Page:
text Lia Giovannelli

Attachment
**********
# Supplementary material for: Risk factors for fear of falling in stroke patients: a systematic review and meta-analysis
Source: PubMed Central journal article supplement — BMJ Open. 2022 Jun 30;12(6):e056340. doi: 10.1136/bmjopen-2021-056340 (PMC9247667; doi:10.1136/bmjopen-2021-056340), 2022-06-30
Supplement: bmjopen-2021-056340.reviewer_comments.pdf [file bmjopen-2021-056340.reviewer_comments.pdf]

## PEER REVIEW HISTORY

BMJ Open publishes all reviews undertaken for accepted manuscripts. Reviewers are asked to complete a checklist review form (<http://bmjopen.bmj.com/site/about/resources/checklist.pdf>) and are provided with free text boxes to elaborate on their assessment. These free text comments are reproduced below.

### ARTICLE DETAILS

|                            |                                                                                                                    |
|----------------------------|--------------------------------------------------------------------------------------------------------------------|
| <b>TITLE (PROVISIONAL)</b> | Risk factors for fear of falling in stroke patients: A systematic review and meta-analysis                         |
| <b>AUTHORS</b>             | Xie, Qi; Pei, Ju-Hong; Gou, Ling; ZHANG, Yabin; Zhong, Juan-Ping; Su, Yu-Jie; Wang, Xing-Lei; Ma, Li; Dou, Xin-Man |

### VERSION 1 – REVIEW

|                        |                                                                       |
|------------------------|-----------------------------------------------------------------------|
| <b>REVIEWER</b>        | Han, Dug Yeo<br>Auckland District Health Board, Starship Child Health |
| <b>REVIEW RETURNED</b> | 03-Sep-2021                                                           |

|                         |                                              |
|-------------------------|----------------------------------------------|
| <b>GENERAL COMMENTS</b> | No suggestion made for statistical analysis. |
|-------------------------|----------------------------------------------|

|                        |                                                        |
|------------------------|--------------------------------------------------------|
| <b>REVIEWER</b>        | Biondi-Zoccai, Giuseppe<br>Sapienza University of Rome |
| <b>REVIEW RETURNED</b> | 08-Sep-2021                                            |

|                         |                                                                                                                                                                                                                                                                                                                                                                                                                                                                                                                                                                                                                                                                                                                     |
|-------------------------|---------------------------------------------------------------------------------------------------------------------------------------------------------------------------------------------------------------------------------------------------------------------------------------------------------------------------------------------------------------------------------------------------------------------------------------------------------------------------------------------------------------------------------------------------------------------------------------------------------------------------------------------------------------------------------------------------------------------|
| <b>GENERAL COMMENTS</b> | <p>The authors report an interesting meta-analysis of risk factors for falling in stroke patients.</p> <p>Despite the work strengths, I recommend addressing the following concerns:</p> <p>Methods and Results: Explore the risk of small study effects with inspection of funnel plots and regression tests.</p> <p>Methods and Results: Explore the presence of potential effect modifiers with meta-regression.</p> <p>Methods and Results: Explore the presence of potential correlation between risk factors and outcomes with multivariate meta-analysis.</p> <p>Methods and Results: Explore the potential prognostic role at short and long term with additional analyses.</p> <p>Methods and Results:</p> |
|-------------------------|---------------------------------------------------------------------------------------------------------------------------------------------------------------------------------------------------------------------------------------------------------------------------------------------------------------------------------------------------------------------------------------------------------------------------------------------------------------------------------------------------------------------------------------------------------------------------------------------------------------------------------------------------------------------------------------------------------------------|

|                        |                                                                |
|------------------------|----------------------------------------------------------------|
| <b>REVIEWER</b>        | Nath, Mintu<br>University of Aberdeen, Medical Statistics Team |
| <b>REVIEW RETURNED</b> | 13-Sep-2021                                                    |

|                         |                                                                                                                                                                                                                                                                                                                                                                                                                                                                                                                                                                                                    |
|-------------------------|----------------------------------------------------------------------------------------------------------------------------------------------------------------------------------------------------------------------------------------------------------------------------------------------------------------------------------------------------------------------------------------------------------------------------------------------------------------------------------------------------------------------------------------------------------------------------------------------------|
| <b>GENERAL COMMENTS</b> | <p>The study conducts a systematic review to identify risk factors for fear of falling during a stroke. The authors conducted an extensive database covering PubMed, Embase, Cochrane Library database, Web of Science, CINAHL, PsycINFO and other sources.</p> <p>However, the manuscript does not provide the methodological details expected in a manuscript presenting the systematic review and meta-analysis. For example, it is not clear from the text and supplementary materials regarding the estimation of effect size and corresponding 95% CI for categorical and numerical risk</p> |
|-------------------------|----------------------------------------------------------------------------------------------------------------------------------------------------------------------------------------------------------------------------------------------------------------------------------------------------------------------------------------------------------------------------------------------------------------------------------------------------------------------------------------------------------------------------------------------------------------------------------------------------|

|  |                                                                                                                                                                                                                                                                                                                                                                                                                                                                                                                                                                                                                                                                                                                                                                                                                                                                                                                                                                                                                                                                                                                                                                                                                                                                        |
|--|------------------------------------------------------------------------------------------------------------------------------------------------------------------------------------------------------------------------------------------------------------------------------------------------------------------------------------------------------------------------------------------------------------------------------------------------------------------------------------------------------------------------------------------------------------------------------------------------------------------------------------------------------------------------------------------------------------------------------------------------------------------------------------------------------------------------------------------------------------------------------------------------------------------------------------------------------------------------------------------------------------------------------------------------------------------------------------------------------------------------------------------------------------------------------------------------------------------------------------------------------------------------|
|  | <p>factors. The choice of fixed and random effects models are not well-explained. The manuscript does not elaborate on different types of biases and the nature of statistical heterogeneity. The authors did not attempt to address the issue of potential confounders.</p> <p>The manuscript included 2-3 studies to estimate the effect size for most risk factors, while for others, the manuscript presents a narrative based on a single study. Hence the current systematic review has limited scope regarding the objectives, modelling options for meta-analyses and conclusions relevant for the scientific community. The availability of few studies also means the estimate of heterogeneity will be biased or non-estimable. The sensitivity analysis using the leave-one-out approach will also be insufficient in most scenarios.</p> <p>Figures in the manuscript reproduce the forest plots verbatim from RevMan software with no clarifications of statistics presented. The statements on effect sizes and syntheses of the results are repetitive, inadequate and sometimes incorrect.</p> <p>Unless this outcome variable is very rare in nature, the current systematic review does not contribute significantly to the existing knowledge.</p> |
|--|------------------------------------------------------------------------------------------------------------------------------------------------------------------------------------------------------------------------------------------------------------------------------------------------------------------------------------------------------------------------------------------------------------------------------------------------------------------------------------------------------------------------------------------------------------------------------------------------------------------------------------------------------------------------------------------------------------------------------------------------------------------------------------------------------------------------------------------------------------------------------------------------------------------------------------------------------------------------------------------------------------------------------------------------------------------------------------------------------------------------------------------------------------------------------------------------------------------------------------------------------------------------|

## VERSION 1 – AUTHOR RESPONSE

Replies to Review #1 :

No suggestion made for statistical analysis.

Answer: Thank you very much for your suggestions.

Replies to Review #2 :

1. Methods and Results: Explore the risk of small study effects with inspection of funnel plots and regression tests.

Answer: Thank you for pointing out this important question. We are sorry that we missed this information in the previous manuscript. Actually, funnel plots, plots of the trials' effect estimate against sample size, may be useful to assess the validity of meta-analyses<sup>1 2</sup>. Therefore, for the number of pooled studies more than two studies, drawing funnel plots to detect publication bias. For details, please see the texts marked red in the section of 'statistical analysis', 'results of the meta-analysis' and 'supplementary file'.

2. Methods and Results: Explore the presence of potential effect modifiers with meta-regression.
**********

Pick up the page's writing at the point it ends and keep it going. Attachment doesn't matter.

We leave early in the morning heading to Cabo de Boa Esperança, Southern tip of Cape Peninsula, but not, as everyone believes, the Southernmost tip of Africa and dividing point between the Atlantic ocean and the Indian Ocean. Both records belong to Cape Aghulas, but who does really know that? The Cape, instead, has always been considerate the real “finis terrae”, made even more suggestive by thousands of stories told about its rocks, the force of its water, the union of the two oceans, the Flying Dutchman that has always been sailing there and will do for eternity, playing dice with the devil in person on the deck of his tall ship. I’ll get back to this later, for now I have just left Cape Town. To reach Cape of Good Hope we travel along the eastern coast, finding on our way lots of nice beaches and seaside towns, some of them already known in Victorian age, like Muizenberg, where is believed that surf was born and, even more striking to me, beach that was habitually frequented by Rudyard Kipling. In this small town there are some of the oldest houses of South Africa, dated back to 1700 like Het Posthuys, customs and toll-place, toll that was imposed to be paid by farmers passing through to sell fruits and vegetables to the ships anchored in Simon’s bay, the only real sheltered bay of the area. Still on our way more beaches and bays until my first target, Simon’s Town, which has always been the Navy base and known for the colonies of penguins living on Boulders Beach, few kilometers away from the town. The name of the beach recalls its granite rocks; however it is a wonderful beach but it becomes legendary thanks to the colonies of penguins. The African penguins “jackass” arrived there spontaneously in 1985, when the beach was generally frequented by local people. They are so many and so small, not higher than sixty centimeters. They weigh about two kilos, they have black backs, black little paws and quite a nasty temper. Snobbish and insensible, they spend the day on the beach in couple or groups, they have a quick dip, they walk back and forth and they don’t care about who, like us, tries to get closer to them talking like they were little idiots. Done with pictures and put aside the idea of touching one of them (obviously I can’t, but can I at least dream about it!!!), we attend a nice show “seagull versus couple of penguins”. The seagull, that mean, aims at the egg that the couple is calmly protecting, and he goes round and round, with the same attitude, but as he goes beyond the allowed space and the proxemics is not only valid for human beings, the two penguins turn from gentle animals into wild biters, so the seagull has to leave. They told me that in 1999 a cargo ship sank in the bay, putting in jeopardy with the resulting oil pollution entire colonies of penguins, nowadays only few of them are left. Proceeding towards the Cape, we pass through a reserve, the Cape of Good Hope Nature Reserve, made of about 7700 hectares of land and about 40 km long of a nice coast. We stop in different places to enjoy the landscape and some of the beaches are really breathtaking, alternating rocks and cliffs with white strands. Numerous species of birds live in this reserve, in particular ostriches in addition to antelopes, gnus and warthogs. Big communities of baboons too live in the area of Cape of Good Hope. The most incredible thing is that all these animals, that it looks like they live in perfect harmony, spread out to the shores, and it’s such a unique show, absolutely unexpected, to see big African antelopes, usually living in the savannah, walking serenely on the beach. We are about to reach the Cape. The last beach before the end of the world is a long pebble beach, where a big wooden sign tells us, both in English and in Dutch about latitude and longitude, that we are in the Southernmost tip of the African continent. On the sides there are only huge rocks, in front only the sea. The wind blows strongly and everything around is so powerful because of the fury of the water and the waves which, even though today they are not so high (during the worst season they can break up to eighty meters), are so turbulent and spectacular. Seagulls fly high above the rocks, not caring of the wind and the violent sea, and my thoughts too reach them so that I can see Africa meeting the Atlantic ocean and I’m so happy of living in this wonderful world that I start singing “What a Wonderful Wooooooorld”, dedicated to the beauty of earth, the diversity of the populations as an antidote to political and racial tensions and as an invitation to not fear the future. Earth is not round, there is no North and South, not even start and end. We know that Galileo fixed science in the most useful way for him and he also forswore, but above all he never looked at the horizon from this beach. If you stare at the sea from Cape of Good Hope, the world has no ends and I’m sure that this feeling was the same of the one felt by great seamen, the one that pushed them to go farther, beyond limits, beyond the known, beyond storms, to pass beyond the South Pole and then the North Pole and to keep travelling constantly toward new lands and new seas, in an harmonious continuity that has no limits. Let’s go back to this wonderful world. From the beach we can see two lighthouses. The oldest one had been working from 1860 until first years of the last century and now it is only a piece of history, but also the second one is often ineffective because of the usual dense fog of the area. A little far to the North East there’s the highest place of Cape Point, reachable only by cable car called symbolically “Flying Dutchman”. Who was really the Flying Dutchman? I expressly ask that to the ghost of Bartolomeu Dias, who has been waiting for me here for more than five centuries and now he’s flying around me, longing to talk to me. “It’s a long story” he says “as almost old as me, many people think it was the Dutch captain Bernard Fokke who in the XVII century went back and forth from Holland to Java island at an unbelievable speed that someone might have thought he made a pact with the devil”. “His real name was Vanderecken instead” Bartolomeu whispers “captain of the Dutch East India Company, brave and resolute, but also greedy and scornful, who never walked back from difficulties”. “Look at the today’s waves” he keeps telling “they’re nothing compared to the ones of the storm that the Flying Dutchman faced in this very sea. Dazzling lightning, strong wind, imprecations and prayers of his sailors who begged him to revert his course, they were all useless because he wanted to go further with his ship, that risked to break in two with every higher and higher wave. He prayed the patron saints of the sea and seamen, but he didn’t care about his sailors or adventure, he only cared about the goods he had to sell to make money from his Company. The saints didn’t listen to his prayers and so he cursed them and invoked the devil, who’s been always ready to exchange souls with advantage and help. What their conversation was about is not known but obviously there was no deal, so the ship broke and wrecked”. “Not even death wanted this greedy captain, who went back to the helm of the wreck and he’s been sailing ever since, more than five hundred years, more and more evanescent, more and more bored, not able to scare anyone, not even seagulls. Sometimes the devil, whenever he has time, even though he has not that much time considering all the problems of the world today, passes by and says hi, they play dice on the deck of the ship, but nothing more than this”. “It’s true, he had his moments of glory, for example Wagner dedicated a work to him and he is in books of literature and famous novels, but since many years it looks like he only lives in videogames (such devil trickeries to me) and maybe in some signs of restaurants”. “Believe me my dear” the indiscrete Bartolomeu concludes “nothing good never happened after pacts with the devil…” Too bad, I wished I could get eternal youth, but I take your word for it, Bartolomeu. Poor Flying Dutchman, what a sad story. Bartolomeu hasn’t finished yet and he speaks proudly (a little too close) of Luis de Camoes, great Portuguese poet often compared to Shakespeare, who tells in an epic poem about his journeys to Cape of Storms, often with references to the Greek and Roman mythology. In the poem, the Cape turns into Adamastor, a giant transformed in rock as punishment for his love to Thetis, the most beautiful nymph of the Nereids, who Peleus too fell in love with. Bartolomeu’s voice is dreamy and his heart seems pure to me until, not enough happy of what he told me, he starts telling about his personal bohemian life in Lisbon, his love for a dame who died too young and he cries for her all his life, even if many more passions came after that, that lighted his heart up in the following years. He tells me about various love affairs, too many according to me, but it’s known that sailors were not that good at monogamy. Well, my dear captain, it was a pleasure meeting you, kisses and hugs to you, the Flying Dutchman and Cape of Good Hope. Tomorrow I’m leaving for the second part of the journey. You can’t stay in South Africa without spending few days in a reserve and seeing animals you can only admire here. They’re waiting for me, elephants and lions, rhinos, warthogs and zebras, acacia trees standing out against the sunset and coloured in fire red, and nights with the Southern Cross and different stars from the ones I’m used to.